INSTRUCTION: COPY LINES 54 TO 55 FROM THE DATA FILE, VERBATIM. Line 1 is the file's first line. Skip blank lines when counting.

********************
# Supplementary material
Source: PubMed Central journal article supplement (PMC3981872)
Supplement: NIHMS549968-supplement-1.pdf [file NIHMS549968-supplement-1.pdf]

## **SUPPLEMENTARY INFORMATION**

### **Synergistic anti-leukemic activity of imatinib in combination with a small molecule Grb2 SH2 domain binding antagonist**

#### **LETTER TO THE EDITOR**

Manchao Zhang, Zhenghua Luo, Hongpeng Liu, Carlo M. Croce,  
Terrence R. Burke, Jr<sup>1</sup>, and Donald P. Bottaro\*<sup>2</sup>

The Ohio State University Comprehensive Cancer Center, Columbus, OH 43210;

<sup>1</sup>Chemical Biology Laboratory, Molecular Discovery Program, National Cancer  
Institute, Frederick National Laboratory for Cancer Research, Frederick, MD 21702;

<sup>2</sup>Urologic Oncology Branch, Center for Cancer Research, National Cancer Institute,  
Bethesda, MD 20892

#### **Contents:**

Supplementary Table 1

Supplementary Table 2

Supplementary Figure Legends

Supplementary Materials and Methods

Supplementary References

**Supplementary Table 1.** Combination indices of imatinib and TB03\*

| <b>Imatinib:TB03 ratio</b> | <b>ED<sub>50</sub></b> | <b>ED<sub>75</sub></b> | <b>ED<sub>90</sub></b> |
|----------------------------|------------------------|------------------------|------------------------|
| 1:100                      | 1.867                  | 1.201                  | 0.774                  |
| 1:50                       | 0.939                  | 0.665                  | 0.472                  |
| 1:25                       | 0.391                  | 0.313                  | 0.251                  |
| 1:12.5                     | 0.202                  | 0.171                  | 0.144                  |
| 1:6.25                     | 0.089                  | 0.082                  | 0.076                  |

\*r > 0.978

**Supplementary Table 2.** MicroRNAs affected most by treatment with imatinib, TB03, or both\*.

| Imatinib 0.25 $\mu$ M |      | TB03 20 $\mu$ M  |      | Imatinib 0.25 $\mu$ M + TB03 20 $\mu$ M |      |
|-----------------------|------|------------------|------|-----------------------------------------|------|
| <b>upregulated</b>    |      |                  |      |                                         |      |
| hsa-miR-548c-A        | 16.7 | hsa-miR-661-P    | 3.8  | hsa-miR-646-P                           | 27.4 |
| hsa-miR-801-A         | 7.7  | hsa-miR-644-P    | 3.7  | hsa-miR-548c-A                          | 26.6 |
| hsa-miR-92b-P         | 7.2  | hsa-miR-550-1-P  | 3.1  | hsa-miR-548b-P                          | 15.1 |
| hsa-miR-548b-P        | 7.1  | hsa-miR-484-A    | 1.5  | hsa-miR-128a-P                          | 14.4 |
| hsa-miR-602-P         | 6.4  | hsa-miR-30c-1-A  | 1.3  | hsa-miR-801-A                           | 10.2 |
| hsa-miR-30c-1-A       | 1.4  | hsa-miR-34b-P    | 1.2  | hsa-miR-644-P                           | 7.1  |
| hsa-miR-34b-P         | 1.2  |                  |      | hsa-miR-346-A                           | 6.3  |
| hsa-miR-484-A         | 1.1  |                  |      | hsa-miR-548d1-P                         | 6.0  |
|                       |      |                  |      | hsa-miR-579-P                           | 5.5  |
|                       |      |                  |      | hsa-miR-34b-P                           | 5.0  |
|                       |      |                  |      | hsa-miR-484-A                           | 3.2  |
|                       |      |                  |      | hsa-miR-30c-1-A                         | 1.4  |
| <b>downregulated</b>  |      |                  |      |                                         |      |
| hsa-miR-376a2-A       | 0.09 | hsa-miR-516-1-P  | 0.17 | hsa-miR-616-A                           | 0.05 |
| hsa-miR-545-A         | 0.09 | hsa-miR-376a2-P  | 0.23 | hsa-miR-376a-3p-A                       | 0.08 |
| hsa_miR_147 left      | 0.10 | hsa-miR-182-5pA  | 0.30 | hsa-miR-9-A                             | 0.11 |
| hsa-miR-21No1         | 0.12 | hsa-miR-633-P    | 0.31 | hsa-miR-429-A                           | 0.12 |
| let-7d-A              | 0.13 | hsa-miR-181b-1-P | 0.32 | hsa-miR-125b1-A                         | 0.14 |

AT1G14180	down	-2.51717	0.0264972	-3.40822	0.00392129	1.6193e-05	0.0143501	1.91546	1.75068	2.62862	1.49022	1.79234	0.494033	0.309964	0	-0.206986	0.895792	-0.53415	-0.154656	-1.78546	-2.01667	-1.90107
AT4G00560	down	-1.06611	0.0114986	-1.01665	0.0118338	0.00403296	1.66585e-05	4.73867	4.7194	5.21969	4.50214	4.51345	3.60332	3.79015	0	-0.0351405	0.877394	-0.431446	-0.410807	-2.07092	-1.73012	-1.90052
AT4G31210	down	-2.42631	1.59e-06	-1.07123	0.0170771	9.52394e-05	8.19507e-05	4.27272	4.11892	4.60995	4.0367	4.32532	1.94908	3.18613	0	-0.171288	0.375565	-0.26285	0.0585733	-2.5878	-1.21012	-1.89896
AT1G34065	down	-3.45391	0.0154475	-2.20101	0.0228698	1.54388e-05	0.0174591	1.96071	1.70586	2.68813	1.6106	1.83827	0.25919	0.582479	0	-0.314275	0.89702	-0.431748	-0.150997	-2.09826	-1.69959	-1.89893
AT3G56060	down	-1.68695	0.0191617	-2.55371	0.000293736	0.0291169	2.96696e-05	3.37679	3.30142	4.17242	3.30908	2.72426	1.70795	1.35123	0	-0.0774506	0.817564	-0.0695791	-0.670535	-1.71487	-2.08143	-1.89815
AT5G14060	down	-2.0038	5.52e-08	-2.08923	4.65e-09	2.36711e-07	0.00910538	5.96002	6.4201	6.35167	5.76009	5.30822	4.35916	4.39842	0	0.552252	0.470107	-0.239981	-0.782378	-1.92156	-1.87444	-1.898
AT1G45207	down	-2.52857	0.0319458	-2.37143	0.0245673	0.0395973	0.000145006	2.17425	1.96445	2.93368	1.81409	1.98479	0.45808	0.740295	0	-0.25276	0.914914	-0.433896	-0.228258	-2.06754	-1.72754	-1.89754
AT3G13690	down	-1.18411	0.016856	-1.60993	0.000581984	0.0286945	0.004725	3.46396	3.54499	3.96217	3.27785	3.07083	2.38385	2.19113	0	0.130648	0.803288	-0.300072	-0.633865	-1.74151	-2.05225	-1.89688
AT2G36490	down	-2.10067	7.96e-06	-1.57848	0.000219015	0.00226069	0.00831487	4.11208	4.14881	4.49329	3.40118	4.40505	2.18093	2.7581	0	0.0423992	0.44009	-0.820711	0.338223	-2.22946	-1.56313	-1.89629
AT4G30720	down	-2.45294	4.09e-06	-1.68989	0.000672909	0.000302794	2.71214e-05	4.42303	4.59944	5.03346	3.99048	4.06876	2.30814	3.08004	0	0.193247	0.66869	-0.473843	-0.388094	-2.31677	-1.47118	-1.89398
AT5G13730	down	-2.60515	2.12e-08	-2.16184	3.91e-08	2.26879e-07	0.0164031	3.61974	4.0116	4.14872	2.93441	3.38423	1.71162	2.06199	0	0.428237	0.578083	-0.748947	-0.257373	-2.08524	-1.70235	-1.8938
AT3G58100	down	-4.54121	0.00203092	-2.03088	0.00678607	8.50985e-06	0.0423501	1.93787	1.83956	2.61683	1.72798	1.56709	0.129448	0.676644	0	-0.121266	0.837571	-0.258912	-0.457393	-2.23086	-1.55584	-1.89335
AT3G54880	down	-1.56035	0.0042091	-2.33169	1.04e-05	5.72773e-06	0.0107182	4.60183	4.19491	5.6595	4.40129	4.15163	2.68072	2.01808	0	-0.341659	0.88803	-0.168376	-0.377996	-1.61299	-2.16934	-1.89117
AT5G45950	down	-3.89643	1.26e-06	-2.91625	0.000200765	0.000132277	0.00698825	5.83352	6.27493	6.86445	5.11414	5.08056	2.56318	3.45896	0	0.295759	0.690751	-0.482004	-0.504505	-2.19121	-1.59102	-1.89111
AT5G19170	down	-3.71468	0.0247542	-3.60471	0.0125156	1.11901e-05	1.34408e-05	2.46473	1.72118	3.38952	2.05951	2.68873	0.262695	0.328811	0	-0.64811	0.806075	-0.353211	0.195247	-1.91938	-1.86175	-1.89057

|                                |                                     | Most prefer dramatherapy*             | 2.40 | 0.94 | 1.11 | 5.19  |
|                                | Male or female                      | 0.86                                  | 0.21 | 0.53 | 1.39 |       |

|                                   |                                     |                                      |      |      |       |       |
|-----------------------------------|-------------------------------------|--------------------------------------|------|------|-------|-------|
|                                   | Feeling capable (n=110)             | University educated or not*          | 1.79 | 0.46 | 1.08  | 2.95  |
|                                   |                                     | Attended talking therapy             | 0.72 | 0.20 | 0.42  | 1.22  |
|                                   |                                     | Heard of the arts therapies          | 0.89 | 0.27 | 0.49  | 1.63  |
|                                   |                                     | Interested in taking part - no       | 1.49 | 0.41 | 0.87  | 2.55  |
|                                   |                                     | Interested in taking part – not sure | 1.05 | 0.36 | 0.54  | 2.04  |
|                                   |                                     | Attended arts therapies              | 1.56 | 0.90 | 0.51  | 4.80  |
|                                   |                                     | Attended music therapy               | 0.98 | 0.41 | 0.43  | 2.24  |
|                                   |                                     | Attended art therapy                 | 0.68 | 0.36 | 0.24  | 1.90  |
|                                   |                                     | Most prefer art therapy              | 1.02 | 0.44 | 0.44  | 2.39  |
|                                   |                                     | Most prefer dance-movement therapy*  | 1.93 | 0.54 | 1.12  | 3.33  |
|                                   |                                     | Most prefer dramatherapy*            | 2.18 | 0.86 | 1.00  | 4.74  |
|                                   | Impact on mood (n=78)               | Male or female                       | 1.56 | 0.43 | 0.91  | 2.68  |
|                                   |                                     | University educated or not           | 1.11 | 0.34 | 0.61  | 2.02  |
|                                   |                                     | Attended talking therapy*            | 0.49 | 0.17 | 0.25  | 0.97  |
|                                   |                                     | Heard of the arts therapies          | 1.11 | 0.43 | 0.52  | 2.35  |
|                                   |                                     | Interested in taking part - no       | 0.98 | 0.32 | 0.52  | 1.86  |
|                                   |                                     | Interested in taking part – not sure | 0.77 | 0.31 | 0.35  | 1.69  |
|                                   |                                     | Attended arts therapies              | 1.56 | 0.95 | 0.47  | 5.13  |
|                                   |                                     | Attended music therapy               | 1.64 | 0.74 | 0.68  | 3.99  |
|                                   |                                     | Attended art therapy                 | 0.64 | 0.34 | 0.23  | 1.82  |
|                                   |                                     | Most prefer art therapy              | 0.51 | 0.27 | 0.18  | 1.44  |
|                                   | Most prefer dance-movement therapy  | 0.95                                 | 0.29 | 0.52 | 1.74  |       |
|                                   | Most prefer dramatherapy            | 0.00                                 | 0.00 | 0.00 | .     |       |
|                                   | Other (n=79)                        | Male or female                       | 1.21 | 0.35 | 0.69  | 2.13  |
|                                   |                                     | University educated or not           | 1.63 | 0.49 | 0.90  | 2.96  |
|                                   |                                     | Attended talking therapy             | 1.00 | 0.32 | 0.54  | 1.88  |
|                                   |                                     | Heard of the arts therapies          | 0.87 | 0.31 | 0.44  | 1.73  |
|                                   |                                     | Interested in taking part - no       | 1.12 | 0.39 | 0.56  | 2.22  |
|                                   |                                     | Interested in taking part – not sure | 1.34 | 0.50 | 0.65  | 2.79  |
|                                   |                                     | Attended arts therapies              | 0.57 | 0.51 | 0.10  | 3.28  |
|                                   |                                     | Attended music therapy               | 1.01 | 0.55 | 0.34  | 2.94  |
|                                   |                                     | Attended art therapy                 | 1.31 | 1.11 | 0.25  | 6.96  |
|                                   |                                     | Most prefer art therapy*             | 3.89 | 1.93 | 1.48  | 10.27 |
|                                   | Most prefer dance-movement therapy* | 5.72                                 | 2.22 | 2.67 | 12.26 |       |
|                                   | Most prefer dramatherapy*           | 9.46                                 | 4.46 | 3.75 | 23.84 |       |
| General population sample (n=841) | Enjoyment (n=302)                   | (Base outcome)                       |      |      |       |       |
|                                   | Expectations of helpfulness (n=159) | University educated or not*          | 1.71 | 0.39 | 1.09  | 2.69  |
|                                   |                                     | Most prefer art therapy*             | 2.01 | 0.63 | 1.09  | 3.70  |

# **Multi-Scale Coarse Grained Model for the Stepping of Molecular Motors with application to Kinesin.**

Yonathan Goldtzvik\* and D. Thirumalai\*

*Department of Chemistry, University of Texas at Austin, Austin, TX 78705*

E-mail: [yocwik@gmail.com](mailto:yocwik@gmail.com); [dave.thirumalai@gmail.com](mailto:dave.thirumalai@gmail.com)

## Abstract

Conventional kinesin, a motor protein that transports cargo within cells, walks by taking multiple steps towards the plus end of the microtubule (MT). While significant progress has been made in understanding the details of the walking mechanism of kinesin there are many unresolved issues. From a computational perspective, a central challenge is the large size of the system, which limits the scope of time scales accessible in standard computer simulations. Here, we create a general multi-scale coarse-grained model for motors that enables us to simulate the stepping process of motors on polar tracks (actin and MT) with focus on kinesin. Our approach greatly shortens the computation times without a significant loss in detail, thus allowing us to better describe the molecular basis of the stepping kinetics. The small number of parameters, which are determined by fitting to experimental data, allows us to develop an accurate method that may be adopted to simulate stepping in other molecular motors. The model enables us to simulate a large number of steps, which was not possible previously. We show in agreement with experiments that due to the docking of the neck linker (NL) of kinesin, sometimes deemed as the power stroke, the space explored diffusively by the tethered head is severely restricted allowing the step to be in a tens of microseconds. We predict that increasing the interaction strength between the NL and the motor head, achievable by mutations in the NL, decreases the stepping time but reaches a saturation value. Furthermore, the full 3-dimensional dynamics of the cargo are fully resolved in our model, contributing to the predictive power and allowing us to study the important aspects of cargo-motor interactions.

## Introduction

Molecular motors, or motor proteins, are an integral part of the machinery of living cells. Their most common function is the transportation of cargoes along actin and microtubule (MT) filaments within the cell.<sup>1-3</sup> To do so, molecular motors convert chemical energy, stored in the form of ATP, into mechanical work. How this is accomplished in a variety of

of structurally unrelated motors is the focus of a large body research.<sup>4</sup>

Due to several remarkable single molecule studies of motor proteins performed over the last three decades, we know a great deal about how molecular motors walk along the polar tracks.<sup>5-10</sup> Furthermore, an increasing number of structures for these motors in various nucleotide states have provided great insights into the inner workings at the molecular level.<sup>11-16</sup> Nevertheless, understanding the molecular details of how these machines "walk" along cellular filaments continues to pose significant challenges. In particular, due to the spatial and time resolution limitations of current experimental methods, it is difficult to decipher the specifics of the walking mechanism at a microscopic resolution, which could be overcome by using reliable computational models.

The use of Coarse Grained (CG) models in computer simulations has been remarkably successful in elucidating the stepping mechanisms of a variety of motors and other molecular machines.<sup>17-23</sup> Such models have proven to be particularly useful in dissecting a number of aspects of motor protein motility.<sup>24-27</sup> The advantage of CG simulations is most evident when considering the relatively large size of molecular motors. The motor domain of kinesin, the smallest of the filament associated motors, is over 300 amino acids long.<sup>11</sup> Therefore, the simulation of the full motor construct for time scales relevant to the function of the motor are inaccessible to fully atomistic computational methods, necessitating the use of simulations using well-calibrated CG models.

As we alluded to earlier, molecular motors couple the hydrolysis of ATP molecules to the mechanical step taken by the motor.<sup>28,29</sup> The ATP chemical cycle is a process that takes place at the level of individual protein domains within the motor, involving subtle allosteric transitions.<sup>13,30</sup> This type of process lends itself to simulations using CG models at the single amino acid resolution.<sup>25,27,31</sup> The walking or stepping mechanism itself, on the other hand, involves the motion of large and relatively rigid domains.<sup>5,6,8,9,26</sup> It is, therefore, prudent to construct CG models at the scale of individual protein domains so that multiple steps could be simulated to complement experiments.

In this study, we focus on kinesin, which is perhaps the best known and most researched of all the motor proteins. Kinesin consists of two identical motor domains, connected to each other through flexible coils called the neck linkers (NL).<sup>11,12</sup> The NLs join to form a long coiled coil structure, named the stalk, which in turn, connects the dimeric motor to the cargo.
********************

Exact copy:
AT1G34065	down	-3.45391	0.0154475	-2.20101	0.0228698	1.54388e-05	0.0174591	1.96071	1.70586	2.68813	1.6106	1.83827	0.25919	0.582479	0	-0.314275	0.89702	-0.431748	-0.150997	-2.09826	-1.69959	-1.89893
AT3G56060	down	-1.68695	0.0191617	-2.55371	0.000293736	0.0291169	2.96696e-05	3.37679	3.30142	4.17242	3.30908	2.72426	1.70795	1.35123	0	-0.0774506	0.817564	-0.0695791	-0.670535	-1.71487	-2.08143	-1.89815